List who best to tell the story: again I’m initially talking about roles, not specific characters, but as the roles get defined the focus narrows to individual voices.
Identify the voices to tell the story: by this point most of the POV characters have been revealed. I know who needs to tell the story, the ones who need to shed light on an important role character who is not a POV. Most importantly, I know the characters who’s voices need to be heard. They already beginning to speak and make me take notice of them.
Detail the characters: is the final step. Dig deep into who they are, how they came to be who they are, and who they might be at the end of the story.
This is by no means a unique process but it’s the one that works for me. This is my sixth novel/series and just as the process has evolved to this point, it will no doubt continue to evolve. This is also not definitive. There are times when I’ll have an idea for a character and no world in which to put them in. That’s a thought for another day.

The Adventurous Soul

When I read about authors who have lived extraordinary lives either through circumstance or intention I sometimes feel I have not been adventurous enough. But what is ‘enough’ for a writer? Do I need to shuck my family and spend a year in the Amazon? Should I live by my wits alone in the Maine woods, or walk across the country? I believe every experience a writer has can, and should, be something stored in the well of our imaginations for later use. By ‘use’ I mean to be used to express something we need to get across not just a piece of construction. An experience expressed should have a connection with the writer and make a connection with the reader. For those of us with obligations which make taking a grand adventure difficult we should not feel lesser. We need to be better observers so when we live vicariously through others we not only get in on the adventure but we also translate the experience. What are the participant’s feelings? What doubts alter their choices? We need to document our own adventures the same way.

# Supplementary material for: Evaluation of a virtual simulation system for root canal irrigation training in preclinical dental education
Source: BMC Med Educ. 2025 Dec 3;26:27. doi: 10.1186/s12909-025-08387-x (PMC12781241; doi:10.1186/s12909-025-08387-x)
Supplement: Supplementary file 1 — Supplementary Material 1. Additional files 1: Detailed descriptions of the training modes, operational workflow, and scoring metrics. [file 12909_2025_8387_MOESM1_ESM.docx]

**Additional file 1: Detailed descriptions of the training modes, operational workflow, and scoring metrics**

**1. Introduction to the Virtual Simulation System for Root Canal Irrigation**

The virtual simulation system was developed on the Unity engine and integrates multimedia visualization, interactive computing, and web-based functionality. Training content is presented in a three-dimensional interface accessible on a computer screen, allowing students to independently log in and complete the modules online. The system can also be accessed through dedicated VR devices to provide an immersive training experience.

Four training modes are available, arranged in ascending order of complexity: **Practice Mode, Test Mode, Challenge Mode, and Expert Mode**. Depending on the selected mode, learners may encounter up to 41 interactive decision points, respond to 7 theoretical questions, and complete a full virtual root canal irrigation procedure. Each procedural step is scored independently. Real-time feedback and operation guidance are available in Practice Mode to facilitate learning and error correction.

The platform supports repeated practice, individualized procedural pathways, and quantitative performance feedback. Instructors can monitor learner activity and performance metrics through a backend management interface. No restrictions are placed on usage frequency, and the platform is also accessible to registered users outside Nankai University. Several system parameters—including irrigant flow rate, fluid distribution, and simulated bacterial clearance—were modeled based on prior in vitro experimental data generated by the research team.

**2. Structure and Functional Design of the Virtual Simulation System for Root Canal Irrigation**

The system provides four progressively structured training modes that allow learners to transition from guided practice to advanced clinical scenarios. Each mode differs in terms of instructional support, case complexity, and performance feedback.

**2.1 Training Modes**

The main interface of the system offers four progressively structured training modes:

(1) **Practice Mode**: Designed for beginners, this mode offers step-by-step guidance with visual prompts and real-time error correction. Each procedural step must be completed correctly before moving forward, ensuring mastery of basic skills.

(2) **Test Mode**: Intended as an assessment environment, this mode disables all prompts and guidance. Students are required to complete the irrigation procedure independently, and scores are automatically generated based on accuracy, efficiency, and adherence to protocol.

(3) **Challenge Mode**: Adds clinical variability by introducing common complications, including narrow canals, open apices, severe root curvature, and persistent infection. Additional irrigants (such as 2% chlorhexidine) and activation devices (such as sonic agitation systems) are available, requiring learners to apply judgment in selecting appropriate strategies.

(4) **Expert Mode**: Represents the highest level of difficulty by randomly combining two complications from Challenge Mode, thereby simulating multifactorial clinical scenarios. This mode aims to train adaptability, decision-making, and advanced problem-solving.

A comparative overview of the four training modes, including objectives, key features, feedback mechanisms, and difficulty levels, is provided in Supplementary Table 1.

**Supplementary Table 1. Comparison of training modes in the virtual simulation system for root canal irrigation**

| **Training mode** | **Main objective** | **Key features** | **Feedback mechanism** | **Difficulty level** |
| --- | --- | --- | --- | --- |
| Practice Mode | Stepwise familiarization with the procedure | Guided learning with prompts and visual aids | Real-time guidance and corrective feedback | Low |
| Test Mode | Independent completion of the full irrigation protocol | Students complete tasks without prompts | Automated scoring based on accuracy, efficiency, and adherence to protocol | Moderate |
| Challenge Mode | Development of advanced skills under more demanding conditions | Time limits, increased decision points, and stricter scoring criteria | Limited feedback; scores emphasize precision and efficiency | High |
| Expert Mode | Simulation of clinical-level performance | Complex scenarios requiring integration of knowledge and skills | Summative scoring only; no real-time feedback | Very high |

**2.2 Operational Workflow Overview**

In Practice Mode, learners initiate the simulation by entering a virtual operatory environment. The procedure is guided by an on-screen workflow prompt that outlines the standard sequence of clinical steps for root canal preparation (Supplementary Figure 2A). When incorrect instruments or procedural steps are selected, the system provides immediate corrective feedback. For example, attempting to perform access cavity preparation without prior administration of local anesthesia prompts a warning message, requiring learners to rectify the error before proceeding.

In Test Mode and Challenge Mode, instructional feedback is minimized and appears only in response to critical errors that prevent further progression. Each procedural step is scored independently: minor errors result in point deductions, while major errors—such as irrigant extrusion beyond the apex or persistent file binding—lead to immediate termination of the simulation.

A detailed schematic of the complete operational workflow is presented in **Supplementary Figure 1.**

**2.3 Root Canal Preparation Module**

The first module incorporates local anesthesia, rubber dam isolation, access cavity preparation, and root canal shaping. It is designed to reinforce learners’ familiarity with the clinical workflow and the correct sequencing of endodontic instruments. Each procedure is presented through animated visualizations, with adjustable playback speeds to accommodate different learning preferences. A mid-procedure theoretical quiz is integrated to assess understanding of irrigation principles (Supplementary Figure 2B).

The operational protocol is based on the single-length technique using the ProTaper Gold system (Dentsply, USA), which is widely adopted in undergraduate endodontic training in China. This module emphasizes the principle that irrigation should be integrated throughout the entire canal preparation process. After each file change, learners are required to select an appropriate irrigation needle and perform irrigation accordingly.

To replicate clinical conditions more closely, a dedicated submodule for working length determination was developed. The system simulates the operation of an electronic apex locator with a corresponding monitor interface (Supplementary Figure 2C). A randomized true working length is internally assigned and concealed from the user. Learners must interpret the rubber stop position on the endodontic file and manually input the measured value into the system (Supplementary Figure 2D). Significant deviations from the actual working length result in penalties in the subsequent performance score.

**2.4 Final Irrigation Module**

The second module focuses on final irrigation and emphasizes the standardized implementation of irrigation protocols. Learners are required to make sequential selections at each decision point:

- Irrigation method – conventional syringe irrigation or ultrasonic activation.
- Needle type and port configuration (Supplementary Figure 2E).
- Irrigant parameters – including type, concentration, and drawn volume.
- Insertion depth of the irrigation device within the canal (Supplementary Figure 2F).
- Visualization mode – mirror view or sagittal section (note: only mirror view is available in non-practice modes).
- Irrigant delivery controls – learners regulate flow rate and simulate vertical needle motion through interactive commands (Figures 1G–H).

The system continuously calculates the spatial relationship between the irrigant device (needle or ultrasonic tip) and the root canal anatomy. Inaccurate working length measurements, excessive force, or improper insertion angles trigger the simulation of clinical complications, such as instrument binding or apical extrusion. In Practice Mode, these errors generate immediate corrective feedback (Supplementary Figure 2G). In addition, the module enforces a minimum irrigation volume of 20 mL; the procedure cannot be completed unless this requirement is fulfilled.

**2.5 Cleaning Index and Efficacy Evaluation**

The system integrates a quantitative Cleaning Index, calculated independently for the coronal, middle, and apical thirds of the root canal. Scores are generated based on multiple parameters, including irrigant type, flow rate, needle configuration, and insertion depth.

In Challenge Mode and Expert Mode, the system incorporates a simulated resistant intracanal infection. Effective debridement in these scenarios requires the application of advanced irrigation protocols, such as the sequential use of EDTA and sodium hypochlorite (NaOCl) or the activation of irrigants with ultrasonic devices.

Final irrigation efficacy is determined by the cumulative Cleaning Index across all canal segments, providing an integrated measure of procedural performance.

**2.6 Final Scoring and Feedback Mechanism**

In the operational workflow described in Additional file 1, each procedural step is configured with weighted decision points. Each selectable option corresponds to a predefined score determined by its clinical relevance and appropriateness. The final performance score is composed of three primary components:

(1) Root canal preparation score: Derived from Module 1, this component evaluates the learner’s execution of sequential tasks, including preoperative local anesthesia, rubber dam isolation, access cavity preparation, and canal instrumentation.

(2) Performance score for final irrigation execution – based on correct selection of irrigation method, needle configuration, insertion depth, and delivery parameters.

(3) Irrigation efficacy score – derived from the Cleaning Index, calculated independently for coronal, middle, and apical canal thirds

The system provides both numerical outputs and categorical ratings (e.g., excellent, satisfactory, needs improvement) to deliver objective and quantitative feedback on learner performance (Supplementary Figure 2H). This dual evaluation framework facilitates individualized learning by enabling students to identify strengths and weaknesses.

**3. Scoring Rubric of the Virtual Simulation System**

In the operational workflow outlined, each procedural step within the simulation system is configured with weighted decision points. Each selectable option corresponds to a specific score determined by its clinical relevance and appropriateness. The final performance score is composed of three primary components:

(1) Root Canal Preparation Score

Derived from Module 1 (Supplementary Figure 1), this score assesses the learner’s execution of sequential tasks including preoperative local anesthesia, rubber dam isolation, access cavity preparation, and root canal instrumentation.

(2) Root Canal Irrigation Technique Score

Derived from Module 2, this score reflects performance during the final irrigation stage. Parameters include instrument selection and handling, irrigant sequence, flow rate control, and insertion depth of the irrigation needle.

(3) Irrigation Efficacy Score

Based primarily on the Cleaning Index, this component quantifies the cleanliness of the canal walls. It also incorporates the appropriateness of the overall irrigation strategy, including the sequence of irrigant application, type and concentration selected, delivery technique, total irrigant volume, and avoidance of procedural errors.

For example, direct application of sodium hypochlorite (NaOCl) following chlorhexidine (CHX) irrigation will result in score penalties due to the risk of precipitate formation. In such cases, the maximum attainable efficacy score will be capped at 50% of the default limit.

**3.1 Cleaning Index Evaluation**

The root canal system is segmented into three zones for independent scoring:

There is another place writers must go that many may find more harrowing than a dark medival forest: our minds. I am not talking about imagination, I am speaking more of the places telling us we are afraid to die, or if we just had the guts we would take that SOB out into the desert and they would never be found. Maybe it worked for Superman who kept his day job while living the hero’s life, but I cannot help but wonder how much more compelling it would have been if he had to choose between being Superman or having a career and Lois Lane. A writer needs to take the impulses the rational mind turns aside and instead, follow them. Where does the story lead if you admit you are afraid to die and learn that you will do so very soon? What if you killed a person? What if someone tried to kill you?

For writers of the fantastic there are also dark places where monsters and very evil things lay in wait. They come out in our nightmares sometimes but we should also close our eyes and walk bravely into the dark and find them, remember them, even meet them. Why do they haunt you? What do they want? How will they go about their destruction of you and mankind?

Everyone needs to get away and having real adventures is great but there are also adventures to be had in our own souls. Those dark rooms in our minds have already stored the experiences of ourselves and others, they just need a context.

Writer, Employed Elsewhere

The struggles for a writer working full time at something other than writing go beyond finding time or a place to write. In fact, those may be the most easily overcome because if you love writing, you will find a way. What can be more challenging is letting the creative mind loose. Continue reading “Writer, Employed Elsewhere”